One of the things he has learned is that social media has made PR more challenging in some respects; but more effective if done right. Much of the focus now is on identifying influencers and understanding how to reach them. The traditional ideas about static messages and target audiences don’t work in the world of social media. Now the focus needs to be on the conversation. People need to get over the idea of controlling the message; now they need to be thinking about how to start and sustain a conversation.

Each panelist was next asked to share their thoughts on how to make the Web more effective for social media.

Gillin started by pointing out the importance of search engine optimization and of making a site truly informational so that it is viewed as a destination for people.

Defren talked about the idea of the “microchunked” document. Something that people can take from a site or release and put it to work where and how they need it. Content chunks should be able to function as blog posts and as the starting point for conversation.

Van Hoosear felt that the social media press release provided a model for making Web sites more effective. Things like tagging, adding video, posting it to MySpace, etc. People will find and use the content if it is good enough and strong enough.

Cass next asked Defren to provide additional detail on the social media press release

He outline four elements that need to be considered and included to create a successful social media press release:

  • Accuracy – the core news facts need to be included in an accessible format. It doesn’t need to be in the boxes and bullets of the template but that can make it easier for its content to be pulled apart and repurposed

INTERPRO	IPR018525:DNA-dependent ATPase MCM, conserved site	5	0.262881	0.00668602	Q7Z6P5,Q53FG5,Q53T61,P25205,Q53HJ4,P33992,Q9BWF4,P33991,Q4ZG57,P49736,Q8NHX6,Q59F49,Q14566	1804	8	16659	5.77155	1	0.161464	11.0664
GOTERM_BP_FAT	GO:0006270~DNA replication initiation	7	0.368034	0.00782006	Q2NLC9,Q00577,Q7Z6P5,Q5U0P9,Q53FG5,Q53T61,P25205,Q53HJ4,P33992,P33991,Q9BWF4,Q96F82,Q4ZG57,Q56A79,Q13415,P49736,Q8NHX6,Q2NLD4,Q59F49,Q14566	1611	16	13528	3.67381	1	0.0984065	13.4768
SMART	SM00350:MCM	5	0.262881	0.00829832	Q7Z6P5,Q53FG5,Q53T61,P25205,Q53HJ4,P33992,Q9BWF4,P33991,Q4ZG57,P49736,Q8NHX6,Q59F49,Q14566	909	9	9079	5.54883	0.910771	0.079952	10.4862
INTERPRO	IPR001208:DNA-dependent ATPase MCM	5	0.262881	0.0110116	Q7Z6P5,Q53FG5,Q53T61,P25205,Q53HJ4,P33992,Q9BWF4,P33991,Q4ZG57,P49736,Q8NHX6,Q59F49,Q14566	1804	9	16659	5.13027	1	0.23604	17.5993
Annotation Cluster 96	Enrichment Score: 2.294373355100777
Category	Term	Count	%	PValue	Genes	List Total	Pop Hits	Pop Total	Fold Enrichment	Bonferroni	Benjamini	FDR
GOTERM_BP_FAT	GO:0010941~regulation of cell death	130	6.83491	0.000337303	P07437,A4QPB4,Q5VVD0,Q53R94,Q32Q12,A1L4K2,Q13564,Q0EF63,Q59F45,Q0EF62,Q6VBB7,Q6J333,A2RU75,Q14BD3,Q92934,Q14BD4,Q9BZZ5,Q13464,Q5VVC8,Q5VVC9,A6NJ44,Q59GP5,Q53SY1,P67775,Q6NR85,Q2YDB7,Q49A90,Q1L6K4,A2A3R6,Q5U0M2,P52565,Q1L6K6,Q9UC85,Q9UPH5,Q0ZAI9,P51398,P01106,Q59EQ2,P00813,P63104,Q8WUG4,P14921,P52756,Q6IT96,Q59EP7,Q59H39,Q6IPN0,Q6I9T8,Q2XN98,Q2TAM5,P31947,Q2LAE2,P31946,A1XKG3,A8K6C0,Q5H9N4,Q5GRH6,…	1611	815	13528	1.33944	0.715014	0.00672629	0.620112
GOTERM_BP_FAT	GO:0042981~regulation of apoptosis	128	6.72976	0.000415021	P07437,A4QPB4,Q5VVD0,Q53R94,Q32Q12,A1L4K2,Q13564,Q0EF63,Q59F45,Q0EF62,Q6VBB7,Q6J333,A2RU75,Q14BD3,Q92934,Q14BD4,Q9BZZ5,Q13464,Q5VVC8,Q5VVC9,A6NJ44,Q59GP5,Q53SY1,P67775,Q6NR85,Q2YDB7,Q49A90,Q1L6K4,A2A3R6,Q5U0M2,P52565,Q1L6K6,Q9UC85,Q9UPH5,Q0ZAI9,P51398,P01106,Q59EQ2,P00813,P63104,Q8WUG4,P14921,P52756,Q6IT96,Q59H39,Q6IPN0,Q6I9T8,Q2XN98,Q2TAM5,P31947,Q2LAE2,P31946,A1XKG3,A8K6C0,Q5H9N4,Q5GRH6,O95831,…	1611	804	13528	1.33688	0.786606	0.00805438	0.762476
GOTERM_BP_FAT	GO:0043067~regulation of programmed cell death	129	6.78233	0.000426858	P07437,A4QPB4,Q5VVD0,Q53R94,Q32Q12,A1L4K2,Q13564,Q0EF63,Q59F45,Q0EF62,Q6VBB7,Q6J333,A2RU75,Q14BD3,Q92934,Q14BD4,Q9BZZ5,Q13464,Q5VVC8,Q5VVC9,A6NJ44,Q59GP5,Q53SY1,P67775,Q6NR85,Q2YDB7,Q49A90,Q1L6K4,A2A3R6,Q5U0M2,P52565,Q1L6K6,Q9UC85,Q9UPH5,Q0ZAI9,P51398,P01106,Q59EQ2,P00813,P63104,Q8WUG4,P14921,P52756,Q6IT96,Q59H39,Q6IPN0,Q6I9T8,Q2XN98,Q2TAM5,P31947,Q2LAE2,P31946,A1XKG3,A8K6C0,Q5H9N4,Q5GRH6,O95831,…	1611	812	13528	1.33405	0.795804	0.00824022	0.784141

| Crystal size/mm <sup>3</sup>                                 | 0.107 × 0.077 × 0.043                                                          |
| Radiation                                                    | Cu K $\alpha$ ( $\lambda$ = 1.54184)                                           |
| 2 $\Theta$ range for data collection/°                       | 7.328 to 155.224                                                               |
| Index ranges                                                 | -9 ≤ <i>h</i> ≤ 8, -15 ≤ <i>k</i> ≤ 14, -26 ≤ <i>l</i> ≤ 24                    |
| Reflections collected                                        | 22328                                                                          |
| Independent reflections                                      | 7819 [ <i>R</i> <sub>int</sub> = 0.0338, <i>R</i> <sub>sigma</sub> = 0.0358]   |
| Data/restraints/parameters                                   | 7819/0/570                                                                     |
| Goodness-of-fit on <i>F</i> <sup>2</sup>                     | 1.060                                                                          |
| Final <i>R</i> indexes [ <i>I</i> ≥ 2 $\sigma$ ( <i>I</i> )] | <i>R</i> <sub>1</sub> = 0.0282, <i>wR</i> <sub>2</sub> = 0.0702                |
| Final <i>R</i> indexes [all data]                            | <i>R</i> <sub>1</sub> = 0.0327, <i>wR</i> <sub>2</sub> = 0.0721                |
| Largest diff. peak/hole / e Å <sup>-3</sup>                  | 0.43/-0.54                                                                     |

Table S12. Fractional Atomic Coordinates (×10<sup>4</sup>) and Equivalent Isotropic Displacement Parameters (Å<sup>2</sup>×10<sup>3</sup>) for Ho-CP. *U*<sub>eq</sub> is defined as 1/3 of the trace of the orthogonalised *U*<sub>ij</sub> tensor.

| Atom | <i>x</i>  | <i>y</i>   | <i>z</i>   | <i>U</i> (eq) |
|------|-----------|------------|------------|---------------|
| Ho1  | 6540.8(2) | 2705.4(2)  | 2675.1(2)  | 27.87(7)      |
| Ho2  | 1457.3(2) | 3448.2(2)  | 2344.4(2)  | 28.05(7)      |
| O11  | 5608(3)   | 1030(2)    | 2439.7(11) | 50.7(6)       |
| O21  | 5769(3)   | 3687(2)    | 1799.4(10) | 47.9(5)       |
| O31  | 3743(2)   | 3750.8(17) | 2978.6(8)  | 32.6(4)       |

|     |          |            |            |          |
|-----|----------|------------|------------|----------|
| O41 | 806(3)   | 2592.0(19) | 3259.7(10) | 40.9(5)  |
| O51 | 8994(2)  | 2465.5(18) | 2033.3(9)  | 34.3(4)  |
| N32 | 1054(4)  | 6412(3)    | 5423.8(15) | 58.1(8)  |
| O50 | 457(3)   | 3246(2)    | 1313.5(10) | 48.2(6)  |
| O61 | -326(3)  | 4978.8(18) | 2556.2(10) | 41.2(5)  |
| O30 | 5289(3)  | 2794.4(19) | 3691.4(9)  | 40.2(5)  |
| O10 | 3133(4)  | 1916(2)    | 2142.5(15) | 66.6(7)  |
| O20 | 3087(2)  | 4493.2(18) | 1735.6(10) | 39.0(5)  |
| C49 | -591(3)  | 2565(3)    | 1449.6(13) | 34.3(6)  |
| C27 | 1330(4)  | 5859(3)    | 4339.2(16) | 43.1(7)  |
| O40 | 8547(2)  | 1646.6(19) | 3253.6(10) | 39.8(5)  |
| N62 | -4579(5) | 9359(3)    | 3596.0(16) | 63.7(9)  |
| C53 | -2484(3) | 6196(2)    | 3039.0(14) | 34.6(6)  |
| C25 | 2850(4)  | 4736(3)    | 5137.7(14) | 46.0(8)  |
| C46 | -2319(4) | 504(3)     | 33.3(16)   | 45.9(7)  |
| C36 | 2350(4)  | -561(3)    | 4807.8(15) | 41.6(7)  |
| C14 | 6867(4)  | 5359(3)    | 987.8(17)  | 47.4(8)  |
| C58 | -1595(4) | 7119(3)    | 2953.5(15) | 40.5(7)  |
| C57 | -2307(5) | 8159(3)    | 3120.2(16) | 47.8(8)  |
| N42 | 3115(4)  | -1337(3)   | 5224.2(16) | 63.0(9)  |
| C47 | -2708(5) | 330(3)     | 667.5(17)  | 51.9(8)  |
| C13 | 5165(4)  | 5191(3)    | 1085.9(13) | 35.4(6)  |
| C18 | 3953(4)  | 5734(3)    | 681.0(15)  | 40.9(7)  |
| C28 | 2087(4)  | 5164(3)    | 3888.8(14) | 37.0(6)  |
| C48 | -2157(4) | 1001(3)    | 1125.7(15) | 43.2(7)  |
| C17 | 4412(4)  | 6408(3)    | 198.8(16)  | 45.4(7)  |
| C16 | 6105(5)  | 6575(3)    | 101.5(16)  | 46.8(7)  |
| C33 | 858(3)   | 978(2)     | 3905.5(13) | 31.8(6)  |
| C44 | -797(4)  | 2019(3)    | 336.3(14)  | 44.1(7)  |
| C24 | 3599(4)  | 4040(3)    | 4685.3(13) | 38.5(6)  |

• Context – provide links to relevant past coverage; people will search it out themselves so make it easier for them; use services like to provide a collection of relevant links (with appropriate context and explanation); tag it for Technorati
  • Build community – create opportunities for people to provide commentary and share the content – add RSS, add DIGG links, use, etc.
  • Be findable – provide contact info and submit the news everywhere so that bloggers and other social media influencers can find it where they spend their time

A member of the audience said that she sees lots of clients that don’t understand the differences between key words and tags.

Defren explained tags are more relevant for social media and blogs and that key words tend to be more important for search engines.

Cass next asked the panelists to explain how one might find blogs and new influencers.

Gillin said that there are some 300 directories now that people can use and the they ought be be having alerts delivered via RSS. Doing this will help locate the key blogs. Finding the influencers though is more interesting. The top bloggers are influenced by other bloggers and most of them link to other influencers. Reading and following the links will help create a view of influence.